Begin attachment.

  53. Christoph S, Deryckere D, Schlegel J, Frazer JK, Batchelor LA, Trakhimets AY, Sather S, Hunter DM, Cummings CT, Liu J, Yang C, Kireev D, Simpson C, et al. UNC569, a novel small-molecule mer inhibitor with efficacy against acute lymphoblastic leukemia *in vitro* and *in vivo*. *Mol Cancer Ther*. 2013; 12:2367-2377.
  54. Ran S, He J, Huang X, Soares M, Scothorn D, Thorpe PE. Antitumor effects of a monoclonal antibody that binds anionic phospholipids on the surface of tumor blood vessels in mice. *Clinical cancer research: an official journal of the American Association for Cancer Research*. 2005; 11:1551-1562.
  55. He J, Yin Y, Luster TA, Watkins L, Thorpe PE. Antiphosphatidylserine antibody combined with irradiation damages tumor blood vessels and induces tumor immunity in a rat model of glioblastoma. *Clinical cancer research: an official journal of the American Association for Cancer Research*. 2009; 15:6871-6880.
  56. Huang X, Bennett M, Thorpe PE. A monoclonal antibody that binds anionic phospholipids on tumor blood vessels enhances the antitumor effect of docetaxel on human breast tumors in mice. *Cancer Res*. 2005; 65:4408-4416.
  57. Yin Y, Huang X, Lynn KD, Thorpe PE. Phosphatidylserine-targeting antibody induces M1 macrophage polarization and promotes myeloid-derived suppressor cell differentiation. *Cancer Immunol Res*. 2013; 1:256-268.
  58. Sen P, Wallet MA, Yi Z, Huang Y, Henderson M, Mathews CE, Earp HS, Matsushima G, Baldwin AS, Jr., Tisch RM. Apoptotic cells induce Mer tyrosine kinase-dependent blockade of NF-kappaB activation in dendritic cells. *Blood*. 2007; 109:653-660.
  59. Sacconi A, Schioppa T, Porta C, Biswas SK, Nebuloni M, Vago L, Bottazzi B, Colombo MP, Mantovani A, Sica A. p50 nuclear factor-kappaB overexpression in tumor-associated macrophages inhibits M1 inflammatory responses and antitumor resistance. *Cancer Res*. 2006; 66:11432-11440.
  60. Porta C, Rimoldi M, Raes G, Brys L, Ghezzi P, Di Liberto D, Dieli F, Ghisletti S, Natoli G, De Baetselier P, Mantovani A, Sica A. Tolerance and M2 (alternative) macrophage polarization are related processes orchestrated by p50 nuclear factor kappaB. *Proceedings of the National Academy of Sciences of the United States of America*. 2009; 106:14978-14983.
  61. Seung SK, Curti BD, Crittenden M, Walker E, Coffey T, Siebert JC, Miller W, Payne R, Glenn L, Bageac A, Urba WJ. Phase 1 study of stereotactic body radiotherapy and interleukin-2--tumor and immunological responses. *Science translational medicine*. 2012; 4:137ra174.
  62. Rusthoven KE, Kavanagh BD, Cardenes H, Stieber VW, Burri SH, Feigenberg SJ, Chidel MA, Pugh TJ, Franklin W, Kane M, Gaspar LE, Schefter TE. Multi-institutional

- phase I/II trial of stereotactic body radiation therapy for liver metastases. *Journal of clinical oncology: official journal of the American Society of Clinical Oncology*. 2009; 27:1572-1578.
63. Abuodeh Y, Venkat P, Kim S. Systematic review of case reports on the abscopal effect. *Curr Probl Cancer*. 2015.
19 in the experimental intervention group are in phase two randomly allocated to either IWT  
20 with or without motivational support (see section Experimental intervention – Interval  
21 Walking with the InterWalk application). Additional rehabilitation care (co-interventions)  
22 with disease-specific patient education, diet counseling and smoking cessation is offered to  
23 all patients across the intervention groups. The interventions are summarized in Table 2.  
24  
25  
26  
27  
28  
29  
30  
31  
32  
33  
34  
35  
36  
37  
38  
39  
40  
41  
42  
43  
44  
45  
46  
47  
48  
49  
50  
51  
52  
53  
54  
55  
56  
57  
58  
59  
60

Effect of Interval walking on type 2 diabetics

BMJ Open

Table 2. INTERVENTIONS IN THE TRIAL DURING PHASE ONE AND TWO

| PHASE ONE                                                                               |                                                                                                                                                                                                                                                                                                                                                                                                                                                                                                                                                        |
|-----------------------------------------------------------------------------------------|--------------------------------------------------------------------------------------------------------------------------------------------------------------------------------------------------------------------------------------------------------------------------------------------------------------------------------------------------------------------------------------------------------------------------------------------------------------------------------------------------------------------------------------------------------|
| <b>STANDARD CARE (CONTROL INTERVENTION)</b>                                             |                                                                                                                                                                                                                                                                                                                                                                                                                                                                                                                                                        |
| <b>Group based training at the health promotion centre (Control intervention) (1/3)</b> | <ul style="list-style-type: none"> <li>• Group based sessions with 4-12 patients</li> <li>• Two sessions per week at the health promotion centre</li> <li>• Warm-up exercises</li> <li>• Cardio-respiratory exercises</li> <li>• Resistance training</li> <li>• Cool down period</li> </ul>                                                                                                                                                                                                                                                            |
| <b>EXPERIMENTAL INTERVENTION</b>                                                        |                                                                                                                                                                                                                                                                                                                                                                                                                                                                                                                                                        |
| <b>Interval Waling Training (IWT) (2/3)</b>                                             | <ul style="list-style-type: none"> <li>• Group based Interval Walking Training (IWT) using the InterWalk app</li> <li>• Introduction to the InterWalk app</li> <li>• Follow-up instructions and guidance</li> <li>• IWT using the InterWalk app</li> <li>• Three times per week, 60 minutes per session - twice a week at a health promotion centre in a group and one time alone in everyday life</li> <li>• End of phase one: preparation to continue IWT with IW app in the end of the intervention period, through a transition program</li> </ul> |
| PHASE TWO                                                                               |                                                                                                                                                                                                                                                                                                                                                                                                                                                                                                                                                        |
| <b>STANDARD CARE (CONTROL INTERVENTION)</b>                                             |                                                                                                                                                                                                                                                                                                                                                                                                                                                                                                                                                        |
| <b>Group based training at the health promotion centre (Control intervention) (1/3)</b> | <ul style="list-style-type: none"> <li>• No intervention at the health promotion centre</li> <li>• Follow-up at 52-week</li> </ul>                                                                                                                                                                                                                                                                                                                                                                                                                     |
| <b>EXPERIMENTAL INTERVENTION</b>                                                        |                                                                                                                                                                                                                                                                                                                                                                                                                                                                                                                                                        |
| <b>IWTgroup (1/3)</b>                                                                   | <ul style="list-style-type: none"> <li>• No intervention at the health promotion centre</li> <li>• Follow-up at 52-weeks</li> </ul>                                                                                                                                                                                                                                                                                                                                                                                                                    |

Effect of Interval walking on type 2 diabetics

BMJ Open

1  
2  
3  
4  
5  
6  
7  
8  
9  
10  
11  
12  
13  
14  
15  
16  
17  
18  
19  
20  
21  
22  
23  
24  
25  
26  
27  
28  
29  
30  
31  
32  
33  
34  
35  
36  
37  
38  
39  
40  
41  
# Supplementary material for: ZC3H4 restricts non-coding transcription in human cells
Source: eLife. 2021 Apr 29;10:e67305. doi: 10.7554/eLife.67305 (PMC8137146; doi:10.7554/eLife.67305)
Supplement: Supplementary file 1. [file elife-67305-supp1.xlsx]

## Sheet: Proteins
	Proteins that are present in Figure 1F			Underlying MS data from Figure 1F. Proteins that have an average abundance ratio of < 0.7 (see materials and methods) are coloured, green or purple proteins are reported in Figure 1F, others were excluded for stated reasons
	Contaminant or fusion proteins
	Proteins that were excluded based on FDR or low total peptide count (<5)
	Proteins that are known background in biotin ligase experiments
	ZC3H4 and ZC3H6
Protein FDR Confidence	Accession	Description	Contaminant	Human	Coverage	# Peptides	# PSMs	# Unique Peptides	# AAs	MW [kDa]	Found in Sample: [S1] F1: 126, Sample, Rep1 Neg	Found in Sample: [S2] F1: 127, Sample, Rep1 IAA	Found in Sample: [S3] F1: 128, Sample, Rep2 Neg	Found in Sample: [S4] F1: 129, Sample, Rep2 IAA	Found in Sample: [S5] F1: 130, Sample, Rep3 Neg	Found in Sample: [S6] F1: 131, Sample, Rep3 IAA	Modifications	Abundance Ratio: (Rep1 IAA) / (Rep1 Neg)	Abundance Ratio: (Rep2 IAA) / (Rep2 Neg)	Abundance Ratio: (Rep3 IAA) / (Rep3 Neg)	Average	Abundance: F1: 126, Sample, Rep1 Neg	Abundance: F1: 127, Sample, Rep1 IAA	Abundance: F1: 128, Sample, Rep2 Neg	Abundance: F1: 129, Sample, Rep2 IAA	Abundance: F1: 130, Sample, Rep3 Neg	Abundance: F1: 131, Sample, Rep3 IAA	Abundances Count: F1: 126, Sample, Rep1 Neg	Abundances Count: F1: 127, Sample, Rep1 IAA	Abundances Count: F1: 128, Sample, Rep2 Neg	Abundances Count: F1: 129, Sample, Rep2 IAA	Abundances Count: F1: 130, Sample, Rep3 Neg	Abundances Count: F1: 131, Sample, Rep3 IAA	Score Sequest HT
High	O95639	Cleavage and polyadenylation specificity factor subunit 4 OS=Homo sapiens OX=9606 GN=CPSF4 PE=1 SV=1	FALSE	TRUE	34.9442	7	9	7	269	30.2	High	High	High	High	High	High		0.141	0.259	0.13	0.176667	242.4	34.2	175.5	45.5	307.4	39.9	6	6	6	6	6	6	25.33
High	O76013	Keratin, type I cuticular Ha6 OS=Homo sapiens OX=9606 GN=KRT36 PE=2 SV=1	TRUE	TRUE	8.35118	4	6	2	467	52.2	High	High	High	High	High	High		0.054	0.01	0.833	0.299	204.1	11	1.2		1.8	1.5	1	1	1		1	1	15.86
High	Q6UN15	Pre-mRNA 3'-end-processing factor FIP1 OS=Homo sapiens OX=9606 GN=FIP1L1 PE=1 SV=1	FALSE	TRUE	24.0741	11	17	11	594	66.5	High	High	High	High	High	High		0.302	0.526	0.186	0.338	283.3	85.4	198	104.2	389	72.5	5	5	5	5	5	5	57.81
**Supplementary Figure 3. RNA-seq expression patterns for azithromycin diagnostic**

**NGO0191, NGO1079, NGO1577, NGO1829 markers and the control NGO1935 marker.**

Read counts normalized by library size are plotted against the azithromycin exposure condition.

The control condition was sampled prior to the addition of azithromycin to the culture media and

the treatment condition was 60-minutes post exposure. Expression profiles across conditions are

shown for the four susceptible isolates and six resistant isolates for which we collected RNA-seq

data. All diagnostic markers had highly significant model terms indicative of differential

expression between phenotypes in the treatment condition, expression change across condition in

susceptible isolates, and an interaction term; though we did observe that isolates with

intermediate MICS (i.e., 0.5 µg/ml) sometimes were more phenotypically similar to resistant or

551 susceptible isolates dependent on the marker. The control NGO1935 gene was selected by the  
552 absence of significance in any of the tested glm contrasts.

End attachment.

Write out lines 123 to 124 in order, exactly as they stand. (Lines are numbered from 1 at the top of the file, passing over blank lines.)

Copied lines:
High	O76013	Keratin, type I cuticular Ha6 OS=Homo sapiens OX=9606 GN=KRT36 PE=2 SV=1	TRUE	TRUE	8.35118	4	6	2	467	52.2	High	High	High	High	High	High		0.054	0.01	0.833	0.299	204.1	11	1.2		1.8	1.5	1	1	1		1	1	15.86
High	Q6UN15	Pre-mRNA 3'-end-processing factor FIP1 OS=Homo sapiens OX=9606 GN=FIP1L1 PE=1 SV=1	FALSE	TRUE	24.0741	11	17	11	594	66.5	High	High	High	High	High	High		0.302	0.526	0.186	0.338	283.3	85.4	198	104.2	389	72.5	5	5	5	5	5	5	57.81